Non-punitive sanctions

… since the punitive kind would damage some of BushCo’s corporate sponsors, in this case the health insurers who provide Medicare Part D coverage.

Who says the Bush Administration isn’t creative?

Robert Pear in the New York Times has yet another excellent story about the misadventures of the Medicare Part D prescription drug insurance program.

The big insurers who (along with Big Pharma) bought and paid for Medicare Part D are massively cheating on their legal obligations. In particular, they’re not providing the customer service function they’re required to provide; instead, they merely refer customers who need immediate medication refills but have had their claims rejected to the government’s own 800 number.

The President, who has the Constitutional duty to “take care that the laws be faithfully executed,” has apparently allowed his subordinates to declare an “unofficial grace period” during which Part D insurance providers can violate the rules with impunity. The government has even failed to publish a schedule of penalties to be imposed for breaking the rules, on the somewhat bizarre ground that “sanction authority is not intended to be punitive.”

Now that they’ve invented non-punitive sanctions, how about chaste pornography? Merciful torture? Dry water? (Or how about compassionate conservatism?)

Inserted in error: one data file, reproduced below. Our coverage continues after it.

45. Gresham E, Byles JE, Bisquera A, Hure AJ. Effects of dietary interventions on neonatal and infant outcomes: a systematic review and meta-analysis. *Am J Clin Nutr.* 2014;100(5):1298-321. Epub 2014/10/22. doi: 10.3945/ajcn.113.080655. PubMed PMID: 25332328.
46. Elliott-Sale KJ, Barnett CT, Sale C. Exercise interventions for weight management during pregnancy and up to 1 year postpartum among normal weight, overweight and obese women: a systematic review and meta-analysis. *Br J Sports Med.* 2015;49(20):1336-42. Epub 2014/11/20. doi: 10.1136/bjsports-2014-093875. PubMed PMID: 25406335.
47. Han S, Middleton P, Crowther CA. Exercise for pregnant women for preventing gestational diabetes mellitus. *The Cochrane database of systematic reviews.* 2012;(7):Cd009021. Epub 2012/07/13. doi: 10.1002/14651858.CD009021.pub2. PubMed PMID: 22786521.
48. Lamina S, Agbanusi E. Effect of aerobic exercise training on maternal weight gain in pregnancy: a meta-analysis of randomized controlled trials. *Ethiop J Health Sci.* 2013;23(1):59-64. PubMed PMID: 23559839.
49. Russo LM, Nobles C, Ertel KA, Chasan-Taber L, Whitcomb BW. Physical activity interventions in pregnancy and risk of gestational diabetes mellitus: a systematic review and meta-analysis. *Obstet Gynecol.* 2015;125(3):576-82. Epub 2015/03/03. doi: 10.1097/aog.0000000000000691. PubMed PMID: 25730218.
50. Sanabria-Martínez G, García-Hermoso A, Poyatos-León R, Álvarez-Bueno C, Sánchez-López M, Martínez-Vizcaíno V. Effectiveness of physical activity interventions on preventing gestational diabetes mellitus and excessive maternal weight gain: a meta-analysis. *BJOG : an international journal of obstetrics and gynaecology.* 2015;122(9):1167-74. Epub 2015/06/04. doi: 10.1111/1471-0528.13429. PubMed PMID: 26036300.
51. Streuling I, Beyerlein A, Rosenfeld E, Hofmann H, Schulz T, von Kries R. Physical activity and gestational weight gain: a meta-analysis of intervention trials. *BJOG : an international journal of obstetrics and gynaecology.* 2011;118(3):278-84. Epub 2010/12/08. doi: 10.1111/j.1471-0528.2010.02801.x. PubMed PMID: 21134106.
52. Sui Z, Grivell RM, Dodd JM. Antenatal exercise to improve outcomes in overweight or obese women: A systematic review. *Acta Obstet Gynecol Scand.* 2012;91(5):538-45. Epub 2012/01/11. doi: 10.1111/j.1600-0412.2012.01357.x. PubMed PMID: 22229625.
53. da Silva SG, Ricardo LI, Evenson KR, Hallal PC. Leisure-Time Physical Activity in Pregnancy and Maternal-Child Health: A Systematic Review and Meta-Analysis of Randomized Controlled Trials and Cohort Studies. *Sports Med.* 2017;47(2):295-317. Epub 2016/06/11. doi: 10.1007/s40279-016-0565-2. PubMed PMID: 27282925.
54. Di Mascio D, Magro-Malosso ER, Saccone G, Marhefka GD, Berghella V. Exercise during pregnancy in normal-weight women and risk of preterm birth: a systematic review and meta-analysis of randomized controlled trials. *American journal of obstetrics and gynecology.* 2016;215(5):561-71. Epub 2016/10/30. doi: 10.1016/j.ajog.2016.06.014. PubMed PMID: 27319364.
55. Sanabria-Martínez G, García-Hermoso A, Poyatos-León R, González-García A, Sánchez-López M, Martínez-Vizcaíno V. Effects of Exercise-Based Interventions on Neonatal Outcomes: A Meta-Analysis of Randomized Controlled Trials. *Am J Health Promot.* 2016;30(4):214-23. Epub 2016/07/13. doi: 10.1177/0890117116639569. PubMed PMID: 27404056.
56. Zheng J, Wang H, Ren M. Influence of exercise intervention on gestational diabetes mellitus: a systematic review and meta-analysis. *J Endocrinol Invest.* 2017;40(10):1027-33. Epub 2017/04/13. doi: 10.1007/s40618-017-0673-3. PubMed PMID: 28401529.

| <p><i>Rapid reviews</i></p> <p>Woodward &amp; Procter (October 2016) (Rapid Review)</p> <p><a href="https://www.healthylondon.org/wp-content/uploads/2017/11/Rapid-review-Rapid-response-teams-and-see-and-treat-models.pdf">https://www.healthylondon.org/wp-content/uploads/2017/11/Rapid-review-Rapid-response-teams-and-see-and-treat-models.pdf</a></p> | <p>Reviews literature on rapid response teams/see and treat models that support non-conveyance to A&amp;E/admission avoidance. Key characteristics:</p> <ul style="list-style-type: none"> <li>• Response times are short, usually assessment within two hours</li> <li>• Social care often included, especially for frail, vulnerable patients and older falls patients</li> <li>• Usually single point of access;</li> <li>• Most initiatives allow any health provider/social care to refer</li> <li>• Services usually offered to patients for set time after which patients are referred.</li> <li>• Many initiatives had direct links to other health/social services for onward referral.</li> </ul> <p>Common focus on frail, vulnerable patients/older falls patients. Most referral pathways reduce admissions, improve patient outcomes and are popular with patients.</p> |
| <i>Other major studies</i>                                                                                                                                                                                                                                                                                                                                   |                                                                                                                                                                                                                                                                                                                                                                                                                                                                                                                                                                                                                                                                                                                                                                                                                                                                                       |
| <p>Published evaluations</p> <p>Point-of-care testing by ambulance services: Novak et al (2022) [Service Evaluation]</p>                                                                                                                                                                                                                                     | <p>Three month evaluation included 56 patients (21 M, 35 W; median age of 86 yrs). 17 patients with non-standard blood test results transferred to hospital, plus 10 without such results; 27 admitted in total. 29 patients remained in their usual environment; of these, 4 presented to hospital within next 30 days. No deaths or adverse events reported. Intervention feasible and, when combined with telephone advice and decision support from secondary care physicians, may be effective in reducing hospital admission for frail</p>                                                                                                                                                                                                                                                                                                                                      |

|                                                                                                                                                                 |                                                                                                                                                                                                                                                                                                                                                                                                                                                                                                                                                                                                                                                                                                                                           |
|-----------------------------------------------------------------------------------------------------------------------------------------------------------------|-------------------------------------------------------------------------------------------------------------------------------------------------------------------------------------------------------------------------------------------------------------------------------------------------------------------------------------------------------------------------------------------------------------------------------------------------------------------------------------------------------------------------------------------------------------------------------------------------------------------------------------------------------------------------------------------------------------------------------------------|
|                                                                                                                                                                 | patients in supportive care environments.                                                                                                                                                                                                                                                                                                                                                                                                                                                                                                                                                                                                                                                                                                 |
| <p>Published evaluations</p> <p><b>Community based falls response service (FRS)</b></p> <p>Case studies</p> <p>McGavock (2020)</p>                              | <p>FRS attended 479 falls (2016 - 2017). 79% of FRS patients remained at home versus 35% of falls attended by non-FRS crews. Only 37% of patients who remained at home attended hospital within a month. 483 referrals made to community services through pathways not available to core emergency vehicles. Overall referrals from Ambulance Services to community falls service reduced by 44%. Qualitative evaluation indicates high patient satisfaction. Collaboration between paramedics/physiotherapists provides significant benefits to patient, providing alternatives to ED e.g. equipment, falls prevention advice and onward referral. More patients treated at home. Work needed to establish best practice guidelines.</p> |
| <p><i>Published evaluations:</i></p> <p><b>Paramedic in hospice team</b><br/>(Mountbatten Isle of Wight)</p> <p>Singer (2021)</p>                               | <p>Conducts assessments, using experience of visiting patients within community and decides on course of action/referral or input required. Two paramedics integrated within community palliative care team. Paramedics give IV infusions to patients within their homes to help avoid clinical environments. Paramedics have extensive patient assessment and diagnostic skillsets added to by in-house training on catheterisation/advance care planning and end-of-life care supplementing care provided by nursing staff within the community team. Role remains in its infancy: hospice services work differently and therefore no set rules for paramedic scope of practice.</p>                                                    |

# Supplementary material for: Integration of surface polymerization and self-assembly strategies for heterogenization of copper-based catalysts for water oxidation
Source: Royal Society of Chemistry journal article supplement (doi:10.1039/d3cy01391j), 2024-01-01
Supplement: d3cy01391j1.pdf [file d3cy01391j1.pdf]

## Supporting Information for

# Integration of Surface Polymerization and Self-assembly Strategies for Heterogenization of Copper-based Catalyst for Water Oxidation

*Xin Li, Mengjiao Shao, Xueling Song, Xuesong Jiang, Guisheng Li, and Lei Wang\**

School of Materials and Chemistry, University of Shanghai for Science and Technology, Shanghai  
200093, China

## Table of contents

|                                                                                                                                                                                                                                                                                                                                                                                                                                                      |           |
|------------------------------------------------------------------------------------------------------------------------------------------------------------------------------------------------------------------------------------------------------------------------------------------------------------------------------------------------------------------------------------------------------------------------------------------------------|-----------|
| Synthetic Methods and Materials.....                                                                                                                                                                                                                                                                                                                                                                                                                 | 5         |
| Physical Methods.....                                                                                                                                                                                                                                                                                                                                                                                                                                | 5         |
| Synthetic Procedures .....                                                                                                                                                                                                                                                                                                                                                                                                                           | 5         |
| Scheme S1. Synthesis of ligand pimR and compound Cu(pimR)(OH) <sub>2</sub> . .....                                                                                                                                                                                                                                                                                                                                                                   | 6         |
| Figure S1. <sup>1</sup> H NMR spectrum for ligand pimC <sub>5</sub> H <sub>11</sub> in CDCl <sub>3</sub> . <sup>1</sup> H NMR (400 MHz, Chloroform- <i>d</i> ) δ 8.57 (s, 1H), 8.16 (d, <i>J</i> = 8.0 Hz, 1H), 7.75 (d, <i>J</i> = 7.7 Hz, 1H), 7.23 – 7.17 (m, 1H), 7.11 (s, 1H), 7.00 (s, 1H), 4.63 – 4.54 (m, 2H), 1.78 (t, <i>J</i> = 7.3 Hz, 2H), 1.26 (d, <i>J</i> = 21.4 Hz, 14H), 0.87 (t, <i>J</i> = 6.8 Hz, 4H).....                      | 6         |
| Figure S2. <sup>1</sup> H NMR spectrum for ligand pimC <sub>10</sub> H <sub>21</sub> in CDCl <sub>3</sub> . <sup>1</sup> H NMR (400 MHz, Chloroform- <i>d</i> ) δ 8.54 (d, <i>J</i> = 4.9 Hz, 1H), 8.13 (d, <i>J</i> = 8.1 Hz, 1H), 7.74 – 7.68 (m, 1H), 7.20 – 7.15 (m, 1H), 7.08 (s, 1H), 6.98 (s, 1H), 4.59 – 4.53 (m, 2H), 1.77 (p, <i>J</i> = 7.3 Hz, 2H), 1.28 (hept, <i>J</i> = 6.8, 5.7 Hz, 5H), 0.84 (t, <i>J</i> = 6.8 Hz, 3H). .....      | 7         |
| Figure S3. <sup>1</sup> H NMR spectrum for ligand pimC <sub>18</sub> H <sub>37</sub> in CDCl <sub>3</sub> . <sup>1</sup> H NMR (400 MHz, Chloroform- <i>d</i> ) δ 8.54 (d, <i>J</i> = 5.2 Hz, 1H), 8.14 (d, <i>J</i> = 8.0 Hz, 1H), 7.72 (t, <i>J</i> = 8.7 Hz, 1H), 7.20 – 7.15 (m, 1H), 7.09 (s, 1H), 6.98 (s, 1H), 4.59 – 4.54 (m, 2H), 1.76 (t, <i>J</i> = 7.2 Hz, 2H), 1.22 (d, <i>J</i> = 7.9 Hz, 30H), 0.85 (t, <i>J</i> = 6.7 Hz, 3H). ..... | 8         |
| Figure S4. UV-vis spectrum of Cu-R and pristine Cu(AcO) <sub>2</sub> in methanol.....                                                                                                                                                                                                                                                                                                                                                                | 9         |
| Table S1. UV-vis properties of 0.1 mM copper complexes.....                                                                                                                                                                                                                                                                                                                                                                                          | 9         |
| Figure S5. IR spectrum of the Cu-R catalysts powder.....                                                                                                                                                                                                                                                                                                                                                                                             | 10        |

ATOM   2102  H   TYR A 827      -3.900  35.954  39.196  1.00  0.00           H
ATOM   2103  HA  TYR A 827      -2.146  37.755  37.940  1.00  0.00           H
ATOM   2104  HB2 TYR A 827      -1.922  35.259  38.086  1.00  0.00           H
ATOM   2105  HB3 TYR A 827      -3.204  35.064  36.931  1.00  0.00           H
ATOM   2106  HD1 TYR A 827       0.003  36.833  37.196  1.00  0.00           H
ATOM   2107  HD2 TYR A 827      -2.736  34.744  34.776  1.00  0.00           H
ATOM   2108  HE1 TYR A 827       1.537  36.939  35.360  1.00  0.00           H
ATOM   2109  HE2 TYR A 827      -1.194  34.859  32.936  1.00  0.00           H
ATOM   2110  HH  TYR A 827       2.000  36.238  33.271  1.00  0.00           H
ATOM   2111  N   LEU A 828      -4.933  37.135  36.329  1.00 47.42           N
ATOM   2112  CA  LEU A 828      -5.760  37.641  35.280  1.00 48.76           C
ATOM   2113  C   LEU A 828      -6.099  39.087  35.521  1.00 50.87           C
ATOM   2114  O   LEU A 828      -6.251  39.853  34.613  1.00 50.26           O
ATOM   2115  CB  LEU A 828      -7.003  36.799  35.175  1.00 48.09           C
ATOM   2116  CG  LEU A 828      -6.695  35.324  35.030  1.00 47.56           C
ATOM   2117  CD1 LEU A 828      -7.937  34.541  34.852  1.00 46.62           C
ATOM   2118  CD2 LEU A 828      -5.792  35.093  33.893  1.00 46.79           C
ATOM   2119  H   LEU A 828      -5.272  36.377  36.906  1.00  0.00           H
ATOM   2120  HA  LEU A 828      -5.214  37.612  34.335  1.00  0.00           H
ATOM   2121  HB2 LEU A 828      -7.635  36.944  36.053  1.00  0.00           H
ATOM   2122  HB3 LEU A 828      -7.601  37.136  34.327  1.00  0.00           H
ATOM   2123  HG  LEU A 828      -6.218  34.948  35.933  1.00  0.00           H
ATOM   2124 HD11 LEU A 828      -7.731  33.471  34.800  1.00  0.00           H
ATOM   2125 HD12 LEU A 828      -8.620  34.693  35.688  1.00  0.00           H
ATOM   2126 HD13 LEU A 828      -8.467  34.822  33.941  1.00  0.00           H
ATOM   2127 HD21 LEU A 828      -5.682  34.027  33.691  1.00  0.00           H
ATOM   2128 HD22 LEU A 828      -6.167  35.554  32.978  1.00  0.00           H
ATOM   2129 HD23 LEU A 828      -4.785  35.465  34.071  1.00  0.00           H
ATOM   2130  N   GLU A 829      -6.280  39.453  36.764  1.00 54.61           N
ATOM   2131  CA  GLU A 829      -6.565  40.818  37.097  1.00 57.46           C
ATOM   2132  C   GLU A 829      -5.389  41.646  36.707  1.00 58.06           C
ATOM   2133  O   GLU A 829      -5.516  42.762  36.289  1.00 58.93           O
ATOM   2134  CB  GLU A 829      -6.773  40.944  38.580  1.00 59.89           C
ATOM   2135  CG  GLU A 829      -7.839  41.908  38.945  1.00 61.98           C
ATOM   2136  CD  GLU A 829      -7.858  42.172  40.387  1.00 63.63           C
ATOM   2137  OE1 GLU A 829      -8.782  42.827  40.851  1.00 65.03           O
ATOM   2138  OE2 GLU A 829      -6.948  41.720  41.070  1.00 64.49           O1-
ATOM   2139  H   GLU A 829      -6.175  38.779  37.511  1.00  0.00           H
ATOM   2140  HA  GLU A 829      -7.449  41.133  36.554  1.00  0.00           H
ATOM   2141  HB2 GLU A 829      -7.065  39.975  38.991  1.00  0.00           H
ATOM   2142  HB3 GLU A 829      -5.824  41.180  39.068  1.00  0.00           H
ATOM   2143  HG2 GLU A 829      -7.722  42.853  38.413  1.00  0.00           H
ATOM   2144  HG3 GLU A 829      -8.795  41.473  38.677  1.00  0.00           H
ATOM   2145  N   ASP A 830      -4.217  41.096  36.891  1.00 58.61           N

And of course the Administration that never stops yammering about “choice” has decided to deny to consumers the information about the performance of the competing plans that would allow them to choose intelligently rather than by eenie-meenie-miney-mo.

Author: Mark Kleiman

Professor of Public Policy at the NYU Marron Institute for Urban Management and editor of the Journal of Drug Policy Analysis. Teaches about the methods of policy analysis about drug abuse control and crime control policy, working out the implications of two principles: that swift and certain sanctions don't have to be severe to be effective, and that well-designed threats usually don't have to be carried out. Books: Drugs and Drug Policy: What Everyone Needs to Know (with Jonathan Caulkins and Angela Hawken) When Brute Force Fails: How to Have Less Crime and Less Punishment (Princeton, 2009; named one of the "books of the year" by The Economist Against Excess: Drug Policy for Results (Basic, 1993) Marijuana: Costs of Abuse, Costs of Control (Greenwood, 1989) UCLA Homepage Curriculum Vitae Contact:

5 thoughts on “Non-punitive sanctions”

  1. The article doesn't say that "big insurers" are "massively cheating on their legal obligations." It doesn't provide any evidence for that position either. Do you have such evidence, or are you lying ?
    The relevance of the "take care" clause isn't clear here. Would you care to make clear what you believe that constitutional provision requires?